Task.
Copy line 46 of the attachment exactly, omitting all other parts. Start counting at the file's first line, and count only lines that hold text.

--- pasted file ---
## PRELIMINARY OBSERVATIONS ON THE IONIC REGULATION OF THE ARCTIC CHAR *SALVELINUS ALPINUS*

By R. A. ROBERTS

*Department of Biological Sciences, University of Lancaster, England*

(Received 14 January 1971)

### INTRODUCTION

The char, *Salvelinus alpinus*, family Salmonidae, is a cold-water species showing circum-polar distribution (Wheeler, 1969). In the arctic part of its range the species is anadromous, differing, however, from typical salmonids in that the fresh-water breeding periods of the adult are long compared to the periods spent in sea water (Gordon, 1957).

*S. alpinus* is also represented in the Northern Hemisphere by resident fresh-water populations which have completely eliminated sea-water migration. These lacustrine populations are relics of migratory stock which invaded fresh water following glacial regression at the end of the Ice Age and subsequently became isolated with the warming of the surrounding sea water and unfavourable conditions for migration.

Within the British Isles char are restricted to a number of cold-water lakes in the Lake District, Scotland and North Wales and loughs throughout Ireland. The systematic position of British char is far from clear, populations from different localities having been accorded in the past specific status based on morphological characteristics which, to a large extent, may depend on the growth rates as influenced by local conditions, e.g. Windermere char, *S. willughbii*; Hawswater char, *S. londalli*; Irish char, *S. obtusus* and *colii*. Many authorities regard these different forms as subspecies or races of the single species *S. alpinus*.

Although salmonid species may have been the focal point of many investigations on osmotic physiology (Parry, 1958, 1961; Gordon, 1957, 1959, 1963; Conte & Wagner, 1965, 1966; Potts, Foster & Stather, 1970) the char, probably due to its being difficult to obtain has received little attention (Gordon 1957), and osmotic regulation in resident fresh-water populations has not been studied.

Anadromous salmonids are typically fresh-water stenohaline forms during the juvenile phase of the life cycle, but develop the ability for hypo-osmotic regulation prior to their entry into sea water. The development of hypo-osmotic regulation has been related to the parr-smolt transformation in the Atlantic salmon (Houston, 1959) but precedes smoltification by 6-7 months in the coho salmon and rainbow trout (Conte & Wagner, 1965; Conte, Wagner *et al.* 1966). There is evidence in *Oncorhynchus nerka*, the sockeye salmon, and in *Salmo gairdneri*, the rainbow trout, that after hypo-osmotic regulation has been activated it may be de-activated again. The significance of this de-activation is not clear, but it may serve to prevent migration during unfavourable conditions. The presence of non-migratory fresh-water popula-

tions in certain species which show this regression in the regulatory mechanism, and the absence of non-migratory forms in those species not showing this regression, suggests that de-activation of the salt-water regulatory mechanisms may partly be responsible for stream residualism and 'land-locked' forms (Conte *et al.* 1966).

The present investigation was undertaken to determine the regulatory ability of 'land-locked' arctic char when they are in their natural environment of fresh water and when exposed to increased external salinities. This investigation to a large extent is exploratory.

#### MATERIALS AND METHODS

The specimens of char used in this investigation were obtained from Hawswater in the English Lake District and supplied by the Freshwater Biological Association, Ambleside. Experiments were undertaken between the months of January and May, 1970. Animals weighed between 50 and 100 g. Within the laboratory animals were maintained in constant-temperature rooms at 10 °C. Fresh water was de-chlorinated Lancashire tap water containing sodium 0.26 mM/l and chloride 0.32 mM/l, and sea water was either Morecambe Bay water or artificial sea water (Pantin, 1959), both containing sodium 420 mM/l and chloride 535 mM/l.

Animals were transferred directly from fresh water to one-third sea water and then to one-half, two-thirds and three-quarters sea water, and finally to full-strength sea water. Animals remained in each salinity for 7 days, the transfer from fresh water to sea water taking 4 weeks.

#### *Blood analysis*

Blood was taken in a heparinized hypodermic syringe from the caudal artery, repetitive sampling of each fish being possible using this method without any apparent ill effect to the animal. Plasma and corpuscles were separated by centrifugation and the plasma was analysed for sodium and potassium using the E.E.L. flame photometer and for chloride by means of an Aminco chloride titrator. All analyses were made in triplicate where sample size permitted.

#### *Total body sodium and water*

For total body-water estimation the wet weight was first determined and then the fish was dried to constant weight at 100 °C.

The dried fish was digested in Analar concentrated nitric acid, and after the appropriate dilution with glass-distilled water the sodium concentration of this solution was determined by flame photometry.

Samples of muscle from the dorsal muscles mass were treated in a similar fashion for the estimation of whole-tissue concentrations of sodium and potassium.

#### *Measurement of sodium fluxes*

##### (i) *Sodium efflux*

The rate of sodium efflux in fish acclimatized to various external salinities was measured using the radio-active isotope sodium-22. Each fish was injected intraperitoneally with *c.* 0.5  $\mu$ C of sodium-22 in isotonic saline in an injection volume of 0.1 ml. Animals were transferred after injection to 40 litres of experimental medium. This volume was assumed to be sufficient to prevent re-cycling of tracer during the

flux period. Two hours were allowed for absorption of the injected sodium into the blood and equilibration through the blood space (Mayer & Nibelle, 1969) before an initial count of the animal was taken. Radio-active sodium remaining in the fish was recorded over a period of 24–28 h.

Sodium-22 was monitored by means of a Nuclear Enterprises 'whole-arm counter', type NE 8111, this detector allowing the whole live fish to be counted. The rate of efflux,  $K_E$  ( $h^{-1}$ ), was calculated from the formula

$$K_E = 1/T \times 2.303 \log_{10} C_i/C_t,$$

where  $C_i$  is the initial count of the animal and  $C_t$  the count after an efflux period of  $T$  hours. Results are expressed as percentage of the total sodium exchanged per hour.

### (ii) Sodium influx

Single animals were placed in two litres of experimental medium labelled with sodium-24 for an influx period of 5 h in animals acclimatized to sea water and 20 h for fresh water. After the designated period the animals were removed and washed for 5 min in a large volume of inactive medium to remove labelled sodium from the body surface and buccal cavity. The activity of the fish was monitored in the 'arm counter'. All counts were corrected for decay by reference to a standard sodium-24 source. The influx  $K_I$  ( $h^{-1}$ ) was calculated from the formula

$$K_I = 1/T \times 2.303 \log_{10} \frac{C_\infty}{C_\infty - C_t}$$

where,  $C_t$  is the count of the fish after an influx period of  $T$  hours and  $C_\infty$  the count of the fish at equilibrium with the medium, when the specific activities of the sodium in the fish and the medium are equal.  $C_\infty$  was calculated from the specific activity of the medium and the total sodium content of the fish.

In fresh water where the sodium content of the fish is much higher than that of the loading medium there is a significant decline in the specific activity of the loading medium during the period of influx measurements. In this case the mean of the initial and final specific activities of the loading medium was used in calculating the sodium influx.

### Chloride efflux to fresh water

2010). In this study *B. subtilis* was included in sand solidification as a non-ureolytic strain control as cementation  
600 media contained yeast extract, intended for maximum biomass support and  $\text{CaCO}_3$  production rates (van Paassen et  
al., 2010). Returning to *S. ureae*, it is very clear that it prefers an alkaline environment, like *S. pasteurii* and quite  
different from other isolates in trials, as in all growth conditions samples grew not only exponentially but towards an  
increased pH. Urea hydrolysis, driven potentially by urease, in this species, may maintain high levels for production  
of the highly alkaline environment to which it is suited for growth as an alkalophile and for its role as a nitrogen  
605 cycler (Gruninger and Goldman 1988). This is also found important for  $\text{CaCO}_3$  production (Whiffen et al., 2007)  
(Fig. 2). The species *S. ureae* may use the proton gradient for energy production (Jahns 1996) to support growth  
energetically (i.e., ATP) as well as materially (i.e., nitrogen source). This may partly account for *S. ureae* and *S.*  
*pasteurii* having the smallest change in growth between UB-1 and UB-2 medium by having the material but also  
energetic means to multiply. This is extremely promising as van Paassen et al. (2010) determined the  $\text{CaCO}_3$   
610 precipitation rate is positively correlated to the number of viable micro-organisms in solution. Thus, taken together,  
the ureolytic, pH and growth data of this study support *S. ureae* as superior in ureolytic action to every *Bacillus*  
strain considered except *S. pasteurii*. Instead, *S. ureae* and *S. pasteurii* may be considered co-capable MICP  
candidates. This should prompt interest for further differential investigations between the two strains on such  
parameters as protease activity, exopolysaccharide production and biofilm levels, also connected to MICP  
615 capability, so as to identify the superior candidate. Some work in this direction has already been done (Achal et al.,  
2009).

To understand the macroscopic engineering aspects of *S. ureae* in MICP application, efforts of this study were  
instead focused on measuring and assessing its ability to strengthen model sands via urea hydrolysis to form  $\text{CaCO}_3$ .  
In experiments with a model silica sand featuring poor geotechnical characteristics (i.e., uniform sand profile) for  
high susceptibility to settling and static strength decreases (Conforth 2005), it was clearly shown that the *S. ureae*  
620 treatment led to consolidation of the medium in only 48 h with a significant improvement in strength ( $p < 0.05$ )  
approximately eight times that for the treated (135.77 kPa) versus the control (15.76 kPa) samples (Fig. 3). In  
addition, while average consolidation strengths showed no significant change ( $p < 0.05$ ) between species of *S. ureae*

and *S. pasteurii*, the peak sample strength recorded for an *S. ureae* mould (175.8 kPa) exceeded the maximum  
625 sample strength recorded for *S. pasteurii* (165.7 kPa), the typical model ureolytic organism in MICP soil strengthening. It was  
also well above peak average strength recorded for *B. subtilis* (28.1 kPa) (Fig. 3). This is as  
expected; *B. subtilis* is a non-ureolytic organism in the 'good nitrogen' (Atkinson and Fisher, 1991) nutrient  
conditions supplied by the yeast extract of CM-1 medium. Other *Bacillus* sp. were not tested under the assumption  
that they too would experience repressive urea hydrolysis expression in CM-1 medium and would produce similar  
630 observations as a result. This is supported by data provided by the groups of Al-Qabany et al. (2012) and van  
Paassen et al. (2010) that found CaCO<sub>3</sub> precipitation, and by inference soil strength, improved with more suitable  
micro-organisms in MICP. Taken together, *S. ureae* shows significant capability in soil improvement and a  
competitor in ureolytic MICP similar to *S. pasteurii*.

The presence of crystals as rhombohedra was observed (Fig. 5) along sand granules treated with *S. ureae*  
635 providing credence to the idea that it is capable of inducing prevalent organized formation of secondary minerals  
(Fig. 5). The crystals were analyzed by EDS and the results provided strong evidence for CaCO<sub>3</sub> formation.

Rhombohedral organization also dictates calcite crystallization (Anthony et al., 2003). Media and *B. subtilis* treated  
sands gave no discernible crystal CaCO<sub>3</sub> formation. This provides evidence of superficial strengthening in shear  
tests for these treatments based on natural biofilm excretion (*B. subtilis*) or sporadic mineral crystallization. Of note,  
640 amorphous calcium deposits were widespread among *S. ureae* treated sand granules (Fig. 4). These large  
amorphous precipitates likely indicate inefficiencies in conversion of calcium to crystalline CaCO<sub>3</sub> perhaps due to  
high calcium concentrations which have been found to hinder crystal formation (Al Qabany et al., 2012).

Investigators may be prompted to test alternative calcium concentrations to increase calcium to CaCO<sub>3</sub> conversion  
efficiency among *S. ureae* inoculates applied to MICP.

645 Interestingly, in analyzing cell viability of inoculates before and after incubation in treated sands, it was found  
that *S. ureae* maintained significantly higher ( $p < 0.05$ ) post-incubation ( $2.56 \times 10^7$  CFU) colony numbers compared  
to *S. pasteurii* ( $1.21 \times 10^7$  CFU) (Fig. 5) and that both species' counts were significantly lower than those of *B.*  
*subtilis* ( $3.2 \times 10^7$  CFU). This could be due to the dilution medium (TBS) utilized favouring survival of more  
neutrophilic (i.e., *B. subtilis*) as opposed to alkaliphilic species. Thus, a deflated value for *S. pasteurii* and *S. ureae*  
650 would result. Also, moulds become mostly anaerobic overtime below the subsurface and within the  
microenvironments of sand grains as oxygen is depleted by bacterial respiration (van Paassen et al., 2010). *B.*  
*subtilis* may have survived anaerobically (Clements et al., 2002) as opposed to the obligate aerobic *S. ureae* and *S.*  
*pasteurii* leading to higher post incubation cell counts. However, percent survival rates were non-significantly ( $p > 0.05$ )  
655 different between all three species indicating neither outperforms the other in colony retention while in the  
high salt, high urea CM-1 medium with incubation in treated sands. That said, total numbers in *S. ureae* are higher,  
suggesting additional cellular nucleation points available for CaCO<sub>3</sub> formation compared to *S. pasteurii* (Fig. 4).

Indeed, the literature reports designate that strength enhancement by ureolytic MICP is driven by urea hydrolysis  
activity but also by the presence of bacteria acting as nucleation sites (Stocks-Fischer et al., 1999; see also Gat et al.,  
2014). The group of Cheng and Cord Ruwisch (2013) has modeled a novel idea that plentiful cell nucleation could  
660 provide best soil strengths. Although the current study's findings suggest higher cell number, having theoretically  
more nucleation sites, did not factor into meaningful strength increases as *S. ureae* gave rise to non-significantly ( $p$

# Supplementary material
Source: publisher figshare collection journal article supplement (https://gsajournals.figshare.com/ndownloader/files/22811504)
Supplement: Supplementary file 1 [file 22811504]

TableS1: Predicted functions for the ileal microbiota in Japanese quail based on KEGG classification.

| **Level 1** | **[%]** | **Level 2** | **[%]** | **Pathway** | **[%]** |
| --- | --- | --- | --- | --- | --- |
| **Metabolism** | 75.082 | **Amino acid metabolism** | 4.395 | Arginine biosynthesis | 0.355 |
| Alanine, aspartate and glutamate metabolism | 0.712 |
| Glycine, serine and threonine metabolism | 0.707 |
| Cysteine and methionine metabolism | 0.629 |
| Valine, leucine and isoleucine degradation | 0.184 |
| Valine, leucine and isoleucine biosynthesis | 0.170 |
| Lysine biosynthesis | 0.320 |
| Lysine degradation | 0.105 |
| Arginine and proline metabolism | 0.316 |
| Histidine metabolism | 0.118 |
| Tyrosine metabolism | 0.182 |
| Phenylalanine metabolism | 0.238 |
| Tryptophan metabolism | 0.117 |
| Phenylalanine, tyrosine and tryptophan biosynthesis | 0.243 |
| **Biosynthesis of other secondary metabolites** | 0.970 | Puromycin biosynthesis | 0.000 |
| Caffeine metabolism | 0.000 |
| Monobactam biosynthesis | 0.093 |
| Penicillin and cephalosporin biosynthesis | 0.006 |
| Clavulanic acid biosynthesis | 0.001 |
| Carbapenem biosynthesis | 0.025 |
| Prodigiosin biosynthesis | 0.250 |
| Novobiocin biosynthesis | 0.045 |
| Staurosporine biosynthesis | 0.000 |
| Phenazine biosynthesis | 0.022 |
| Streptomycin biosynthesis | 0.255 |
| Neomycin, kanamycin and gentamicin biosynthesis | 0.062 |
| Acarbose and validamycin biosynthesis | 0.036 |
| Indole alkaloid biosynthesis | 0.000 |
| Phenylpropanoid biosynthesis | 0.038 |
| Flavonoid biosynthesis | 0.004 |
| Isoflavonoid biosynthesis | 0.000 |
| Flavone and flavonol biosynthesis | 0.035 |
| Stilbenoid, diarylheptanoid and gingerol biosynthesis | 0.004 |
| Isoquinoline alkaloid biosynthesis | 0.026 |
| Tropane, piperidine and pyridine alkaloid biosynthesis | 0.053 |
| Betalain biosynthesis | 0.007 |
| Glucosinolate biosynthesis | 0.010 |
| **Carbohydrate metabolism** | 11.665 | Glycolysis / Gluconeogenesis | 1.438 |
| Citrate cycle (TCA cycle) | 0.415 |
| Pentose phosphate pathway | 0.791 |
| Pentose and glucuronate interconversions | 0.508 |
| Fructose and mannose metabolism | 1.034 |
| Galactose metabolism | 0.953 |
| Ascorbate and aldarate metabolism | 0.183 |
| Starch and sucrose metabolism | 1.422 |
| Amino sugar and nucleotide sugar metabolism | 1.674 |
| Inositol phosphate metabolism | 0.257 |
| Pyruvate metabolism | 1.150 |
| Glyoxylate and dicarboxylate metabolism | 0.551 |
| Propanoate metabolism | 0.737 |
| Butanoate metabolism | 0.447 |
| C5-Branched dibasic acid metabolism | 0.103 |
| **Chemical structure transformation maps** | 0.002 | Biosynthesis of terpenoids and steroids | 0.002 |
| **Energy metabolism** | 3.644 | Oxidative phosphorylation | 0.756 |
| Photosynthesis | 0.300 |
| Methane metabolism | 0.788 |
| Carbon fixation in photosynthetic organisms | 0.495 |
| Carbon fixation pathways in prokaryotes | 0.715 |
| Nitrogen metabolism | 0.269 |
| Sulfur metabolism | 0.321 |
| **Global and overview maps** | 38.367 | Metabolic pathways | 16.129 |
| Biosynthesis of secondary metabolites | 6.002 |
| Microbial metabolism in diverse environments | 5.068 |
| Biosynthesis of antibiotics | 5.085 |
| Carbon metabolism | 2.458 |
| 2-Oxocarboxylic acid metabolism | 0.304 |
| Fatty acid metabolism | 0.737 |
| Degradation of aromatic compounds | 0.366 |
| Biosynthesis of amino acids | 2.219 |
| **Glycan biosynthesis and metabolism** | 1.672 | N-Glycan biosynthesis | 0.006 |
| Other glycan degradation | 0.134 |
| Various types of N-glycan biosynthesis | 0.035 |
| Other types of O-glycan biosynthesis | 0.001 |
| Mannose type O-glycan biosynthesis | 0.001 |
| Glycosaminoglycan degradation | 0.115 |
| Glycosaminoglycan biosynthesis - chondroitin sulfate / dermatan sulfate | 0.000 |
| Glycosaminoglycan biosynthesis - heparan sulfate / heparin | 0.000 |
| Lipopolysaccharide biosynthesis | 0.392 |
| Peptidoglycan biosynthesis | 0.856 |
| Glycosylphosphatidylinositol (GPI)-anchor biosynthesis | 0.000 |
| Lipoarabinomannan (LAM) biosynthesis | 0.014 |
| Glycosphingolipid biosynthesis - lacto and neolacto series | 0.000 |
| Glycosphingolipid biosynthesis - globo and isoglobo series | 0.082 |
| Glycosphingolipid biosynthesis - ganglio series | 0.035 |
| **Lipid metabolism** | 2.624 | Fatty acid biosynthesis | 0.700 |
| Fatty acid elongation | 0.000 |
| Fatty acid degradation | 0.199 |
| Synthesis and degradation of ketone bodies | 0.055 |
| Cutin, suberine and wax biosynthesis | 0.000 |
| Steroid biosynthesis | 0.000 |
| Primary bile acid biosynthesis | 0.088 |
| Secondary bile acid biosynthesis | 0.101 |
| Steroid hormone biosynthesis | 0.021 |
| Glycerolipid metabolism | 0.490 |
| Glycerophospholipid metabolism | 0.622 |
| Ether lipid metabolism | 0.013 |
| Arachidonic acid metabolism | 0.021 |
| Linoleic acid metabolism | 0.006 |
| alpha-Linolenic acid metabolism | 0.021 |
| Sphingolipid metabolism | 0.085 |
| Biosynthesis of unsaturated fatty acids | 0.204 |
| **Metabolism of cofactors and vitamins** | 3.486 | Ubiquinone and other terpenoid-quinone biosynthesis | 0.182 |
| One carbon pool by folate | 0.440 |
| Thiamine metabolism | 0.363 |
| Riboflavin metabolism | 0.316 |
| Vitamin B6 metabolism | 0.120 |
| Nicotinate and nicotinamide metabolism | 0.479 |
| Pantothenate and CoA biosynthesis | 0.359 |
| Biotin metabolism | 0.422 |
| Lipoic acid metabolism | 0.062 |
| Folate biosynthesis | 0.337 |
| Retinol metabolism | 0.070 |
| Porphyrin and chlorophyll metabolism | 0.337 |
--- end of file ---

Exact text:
610 precipitation rate is positively correlated to the number of viable micro-organisms in solution. Thus, taken together,  